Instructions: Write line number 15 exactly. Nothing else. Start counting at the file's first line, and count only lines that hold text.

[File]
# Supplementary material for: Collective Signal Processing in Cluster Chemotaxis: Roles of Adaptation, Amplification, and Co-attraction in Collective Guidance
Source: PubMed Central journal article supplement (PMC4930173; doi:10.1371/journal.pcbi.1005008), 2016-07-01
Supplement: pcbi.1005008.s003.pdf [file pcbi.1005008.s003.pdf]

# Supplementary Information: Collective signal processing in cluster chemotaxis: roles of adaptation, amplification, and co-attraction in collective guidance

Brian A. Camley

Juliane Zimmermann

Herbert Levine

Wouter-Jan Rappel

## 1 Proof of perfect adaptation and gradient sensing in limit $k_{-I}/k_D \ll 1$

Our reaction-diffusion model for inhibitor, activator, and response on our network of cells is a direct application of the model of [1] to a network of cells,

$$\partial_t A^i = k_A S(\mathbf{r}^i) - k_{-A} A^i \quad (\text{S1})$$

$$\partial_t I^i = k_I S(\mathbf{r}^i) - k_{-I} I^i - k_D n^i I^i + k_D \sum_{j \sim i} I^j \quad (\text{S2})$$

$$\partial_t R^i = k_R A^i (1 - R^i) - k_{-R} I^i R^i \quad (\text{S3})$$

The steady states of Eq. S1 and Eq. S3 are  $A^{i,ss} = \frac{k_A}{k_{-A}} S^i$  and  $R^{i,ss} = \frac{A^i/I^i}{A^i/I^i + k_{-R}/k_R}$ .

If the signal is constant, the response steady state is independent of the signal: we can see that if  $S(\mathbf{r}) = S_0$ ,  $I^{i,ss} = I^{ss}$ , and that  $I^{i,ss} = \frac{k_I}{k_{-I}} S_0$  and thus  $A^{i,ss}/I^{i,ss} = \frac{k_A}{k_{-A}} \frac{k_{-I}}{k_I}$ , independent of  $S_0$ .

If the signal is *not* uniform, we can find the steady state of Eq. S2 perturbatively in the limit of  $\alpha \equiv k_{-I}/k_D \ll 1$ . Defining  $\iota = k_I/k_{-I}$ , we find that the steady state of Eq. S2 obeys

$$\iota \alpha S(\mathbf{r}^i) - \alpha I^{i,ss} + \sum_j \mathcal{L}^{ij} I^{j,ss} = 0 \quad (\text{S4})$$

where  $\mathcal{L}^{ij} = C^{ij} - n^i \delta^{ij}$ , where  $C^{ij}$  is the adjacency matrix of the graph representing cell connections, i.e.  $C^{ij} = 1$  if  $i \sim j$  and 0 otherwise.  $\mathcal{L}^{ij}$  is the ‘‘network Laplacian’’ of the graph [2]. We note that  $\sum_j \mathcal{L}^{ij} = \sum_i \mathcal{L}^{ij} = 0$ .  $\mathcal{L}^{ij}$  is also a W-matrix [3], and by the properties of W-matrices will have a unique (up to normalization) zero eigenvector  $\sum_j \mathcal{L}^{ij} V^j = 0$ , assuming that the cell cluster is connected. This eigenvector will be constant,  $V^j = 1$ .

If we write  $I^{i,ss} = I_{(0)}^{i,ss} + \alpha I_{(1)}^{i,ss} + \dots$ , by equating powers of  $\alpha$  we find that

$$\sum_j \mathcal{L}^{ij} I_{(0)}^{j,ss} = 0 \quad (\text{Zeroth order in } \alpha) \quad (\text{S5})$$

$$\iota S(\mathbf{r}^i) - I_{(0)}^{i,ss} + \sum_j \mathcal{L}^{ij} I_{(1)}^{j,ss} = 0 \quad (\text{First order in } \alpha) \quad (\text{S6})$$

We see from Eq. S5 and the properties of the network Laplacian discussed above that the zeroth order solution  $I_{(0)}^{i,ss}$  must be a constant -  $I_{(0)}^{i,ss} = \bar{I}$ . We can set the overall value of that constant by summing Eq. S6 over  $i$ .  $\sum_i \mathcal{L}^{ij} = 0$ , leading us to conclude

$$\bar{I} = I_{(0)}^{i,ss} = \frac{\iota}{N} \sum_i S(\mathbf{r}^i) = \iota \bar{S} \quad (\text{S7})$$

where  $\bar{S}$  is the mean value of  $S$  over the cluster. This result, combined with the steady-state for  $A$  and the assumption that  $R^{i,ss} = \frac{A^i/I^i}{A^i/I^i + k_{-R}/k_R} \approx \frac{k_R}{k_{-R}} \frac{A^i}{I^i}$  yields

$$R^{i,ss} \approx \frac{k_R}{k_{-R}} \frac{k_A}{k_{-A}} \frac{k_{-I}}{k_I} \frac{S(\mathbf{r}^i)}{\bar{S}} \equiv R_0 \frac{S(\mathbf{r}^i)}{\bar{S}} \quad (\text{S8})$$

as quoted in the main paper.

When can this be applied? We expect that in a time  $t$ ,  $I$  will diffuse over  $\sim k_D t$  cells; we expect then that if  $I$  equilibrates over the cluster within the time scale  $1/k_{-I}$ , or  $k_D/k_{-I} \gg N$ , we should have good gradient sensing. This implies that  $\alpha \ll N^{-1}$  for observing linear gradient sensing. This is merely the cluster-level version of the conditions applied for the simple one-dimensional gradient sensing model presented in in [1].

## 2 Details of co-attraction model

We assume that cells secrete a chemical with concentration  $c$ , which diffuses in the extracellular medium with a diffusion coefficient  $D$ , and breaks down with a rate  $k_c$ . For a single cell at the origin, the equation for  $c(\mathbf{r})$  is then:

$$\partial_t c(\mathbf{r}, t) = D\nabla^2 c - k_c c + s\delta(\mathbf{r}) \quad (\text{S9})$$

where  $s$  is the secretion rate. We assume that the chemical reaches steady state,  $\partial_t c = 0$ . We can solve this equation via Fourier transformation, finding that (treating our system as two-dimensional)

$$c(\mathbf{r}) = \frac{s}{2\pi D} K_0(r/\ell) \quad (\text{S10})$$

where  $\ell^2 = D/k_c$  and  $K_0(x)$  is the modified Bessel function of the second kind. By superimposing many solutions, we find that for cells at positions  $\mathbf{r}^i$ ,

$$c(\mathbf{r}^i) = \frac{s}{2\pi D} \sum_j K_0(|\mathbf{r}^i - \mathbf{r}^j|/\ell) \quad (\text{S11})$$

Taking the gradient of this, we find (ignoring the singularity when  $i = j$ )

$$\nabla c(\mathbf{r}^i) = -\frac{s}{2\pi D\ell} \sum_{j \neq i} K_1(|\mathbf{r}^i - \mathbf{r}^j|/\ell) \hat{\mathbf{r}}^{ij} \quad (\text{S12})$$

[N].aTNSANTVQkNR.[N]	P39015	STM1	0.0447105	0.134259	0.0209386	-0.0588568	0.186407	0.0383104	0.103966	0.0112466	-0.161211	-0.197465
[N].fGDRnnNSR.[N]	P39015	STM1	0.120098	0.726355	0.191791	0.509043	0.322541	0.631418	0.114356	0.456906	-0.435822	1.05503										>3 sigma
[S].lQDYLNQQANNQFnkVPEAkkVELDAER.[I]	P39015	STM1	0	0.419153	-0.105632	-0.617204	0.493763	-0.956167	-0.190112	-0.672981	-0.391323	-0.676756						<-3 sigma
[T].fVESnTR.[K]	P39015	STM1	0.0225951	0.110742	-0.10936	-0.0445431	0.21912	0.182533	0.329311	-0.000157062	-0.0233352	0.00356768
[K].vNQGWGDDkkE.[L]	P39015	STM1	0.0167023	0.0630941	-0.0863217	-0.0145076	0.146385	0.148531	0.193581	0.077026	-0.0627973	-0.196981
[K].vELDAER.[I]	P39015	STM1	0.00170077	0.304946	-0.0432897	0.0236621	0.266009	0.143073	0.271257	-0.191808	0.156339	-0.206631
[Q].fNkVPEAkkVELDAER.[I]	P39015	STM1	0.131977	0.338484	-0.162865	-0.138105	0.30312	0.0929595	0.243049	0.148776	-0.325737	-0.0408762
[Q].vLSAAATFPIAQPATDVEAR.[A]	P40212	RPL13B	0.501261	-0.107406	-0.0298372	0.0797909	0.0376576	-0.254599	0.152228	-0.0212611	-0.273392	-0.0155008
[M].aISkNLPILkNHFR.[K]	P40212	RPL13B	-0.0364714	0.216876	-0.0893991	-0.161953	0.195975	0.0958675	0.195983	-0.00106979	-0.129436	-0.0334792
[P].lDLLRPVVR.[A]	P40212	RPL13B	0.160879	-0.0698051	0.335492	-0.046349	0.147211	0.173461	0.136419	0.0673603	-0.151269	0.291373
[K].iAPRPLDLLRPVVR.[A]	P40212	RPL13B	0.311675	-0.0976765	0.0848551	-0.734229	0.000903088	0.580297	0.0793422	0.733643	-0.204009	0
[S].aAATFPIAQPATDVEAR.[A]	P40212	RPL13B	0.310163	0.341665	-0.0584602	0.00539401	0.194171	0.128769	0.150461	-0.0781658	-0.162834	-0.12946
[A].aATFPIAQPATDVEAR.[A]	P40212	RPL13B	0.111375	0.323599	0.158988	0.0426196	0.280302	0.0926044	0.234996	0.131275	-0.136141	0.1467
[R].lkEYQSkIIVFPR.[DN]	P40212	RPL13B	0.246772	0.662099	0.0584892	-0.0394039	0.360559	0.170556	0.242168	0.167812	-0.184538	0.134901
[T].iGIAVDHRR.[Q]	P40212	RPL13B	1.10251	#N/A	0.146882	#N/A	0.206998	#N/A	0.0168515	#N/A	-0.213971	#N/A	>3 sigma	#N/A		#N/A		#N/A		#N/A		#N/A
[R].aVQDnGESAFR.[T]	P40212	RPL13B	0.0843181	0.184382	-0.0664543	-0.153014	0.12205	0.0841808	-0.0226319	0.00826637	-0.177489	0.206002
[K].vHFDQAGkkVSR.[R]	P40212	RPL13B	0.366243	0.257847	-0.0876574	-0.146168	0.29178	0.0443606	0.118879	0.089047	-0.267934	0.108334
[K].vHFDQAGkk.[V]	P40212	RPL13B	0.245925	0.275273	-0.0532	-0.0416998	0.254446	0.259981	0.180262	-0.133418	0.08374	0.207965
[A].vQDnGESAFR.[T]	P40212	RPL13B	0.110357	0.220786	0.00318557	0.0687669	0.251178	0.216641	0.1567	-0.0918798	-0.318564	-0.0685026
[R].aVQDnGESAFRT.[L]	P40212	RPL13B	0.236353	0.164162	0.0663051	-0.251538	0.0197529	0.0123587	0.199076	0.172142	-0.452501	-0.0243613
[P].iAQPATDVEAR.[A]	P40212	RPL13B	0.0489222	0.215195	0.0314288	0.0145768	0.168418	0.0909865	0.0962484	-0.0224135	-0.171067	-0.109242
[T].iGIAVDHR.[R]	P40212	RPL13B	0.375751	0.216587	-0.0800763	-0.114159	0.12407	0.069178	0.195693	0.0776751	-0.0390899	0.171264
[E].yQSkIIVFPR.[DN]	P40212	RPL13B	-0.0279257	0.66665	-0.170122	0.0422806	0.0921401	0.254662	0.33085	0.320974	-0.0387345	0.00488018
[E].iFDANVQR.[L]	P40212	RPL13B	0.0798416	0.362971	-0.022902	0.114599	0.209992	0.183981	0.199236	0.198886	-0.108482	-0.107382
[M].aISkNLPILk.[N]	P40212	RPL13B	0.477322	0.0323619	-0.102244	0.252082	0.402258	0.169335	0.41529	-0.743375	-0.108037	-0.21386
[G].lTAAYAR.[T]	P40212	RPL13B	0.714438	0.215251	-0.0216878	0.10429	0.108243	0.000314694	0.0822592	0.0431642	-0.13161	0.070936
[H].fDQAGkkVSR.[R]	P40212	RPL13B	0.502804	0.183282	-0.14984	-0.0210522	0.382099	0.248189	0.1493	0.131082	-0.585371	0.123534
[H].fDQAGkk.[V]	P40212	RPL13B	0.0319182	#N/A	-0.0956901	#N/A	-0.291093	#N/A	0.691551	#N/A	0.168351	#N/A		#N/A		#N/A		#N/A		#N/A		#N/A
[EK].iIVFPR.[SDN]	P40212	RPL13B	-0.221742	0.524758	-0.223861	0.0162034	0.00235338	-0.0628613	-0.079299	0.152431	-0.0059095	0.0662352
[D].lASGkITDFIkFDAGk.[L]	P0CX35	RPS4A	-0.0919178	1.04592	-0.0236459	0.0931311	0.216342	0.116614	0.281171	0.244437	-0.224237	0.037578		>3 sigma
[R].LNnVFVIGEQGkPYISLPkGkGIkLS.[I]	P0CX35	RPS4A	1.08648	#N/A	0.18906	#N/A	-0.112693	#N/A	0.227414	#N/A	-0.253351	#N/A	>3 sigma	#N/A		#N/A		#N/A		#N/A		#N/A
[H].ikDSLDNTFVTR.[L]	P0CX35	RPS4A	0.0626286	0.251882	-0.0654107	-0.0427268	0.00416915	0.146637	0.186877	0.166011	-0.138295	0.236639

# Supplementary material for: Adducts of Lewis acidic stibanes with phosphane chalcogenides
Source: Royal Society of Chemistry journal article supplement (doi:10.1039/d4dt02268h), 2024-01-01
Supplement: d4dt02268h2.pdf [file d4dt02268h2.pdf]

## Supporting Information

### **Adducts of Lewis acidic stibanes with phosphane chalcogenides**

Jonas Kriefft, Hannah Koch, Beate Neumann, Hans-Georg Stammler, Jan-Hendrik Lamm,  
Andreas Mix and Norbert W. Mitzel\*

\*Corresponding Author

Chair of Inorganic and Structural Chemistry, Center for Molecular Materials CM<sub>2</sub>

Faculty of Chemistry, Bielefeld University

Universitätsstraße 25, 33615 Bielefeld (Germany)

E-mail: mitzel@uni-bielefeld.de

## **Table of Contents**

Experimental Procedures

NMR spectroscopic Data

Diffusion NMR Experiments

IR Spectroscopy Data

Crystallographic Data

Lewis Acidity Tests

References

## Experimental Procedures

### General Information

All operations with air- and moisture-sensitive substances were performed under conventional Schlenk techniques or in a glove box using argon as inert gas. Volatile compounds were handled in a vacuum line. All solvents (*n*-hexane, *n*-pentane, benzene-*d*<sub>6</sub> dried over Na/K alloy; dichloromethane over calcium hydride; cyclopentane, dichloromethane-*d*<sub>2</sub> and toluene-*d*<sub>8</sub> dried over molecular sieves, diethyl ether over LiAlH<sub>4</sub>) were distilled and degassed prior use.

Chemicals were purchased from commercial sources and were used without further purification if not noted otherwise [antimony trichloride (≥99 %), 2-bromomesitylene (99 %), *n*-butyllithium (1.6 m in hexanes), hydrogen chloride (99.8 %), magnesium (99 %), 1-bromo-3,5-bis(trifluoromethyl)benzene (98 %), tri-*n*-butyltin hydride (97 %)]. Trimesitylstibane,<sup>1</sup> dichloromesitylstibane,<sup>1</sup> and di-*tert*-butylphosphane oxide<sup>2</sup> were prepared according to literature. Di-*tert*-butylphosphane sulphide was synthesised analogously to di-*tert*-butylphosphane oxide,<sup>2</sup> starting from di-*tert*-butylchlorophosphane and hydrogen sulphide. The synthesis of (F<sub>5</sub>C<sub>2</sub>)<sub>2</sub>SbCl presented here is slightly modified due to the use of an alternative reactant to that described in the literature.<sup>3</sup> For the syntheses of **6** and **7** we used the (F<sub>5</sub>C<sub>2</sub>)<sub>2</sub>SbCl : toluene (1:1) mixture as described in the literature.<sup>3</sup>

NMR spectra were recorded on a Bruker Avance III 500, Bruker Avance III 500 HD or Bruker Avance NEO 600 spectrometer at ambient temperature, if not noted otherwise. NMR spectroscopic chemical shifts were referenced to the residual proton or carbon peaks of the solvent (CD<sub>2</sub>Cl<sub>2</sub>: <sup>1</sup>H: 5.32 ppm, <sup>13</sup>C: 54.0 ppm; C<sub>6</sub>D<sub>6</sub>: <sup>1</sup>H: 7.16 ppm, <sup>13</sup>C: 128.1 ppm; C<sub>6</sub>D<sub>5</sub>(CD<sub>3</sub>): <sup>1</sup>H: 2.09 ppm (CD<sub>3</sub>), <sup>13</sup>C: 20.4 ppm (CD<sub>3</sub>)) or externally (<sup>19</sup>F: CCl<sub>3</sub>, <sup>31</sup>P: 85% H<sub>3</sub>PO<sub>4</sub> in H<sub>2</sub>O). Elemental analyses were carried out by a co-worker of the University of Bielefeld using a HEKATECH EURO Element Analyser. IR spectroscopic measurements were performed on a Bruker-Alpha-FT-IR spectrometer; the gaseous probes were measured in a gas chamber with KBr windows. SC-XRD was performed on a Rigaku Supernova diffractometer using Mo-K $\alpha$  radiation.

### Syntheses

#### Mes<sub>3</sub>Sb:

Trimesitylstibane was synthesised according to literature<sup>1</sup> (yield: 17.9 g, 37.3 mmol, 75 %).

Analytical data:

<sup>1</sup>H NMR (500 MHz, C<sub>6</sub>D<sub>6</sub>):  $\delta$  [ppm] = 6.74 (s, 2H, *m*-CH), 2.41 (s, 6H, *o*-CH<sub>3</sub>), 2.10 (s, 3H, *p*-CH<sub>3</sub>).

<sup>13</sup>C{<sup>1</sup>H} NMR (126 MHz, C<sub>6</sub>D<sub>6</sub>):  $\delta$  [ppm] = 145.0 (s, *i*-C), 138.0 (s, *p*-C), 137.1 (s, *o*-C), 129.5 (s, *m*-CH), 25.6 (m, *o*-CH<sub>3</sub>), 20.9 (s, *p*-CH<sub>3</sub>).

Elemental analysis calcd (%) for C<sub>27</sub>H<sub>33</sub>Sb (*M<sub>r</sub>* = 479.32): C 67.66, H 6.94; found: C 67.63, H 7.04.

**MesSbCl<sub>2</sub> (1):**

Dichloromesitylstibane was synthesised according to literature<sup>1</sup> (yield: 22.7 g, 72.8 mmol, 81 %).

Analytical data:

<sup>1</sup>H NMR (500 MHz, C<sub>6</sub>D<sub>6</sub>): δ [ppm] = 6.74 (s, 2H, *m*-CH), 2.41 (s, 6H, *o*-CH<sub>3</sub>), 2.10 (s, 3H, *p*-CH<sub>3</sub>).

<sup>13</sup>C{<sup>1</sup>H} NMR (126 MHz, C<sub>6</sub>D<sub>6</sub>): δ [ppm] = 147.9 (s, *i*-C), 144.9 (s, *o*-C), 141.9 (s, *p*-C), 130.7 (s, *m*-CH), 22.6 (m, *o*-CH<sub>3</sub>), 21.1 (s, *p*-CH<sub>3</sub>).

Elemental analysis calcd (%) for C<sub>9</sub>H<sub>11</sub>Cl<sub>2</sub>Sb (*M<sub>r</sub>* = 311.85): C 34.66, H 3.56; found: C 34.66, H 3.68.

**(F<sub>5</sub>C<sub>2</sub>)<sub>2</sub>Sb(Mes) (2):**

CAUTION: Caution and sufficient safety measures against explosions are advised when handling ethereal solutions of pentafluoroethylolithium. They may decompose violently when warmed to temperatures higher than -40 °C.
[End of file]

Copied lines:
If the signal is constant, the response steady state is independent of the signal: we can see that if  $S(\mathbf{r}) = S_0$ ,  $I^{i,ss} = I^{ss}$ , and that  $I^{i,ss} = \frac{k_I}{k_{-I}} S_0$  and thus  $A^{i,ss}/I^{i,ss} = \frac{k_A}{k_{-A}} \frac{k_{-I}}{k_I}$ , independent of  $S_0$ .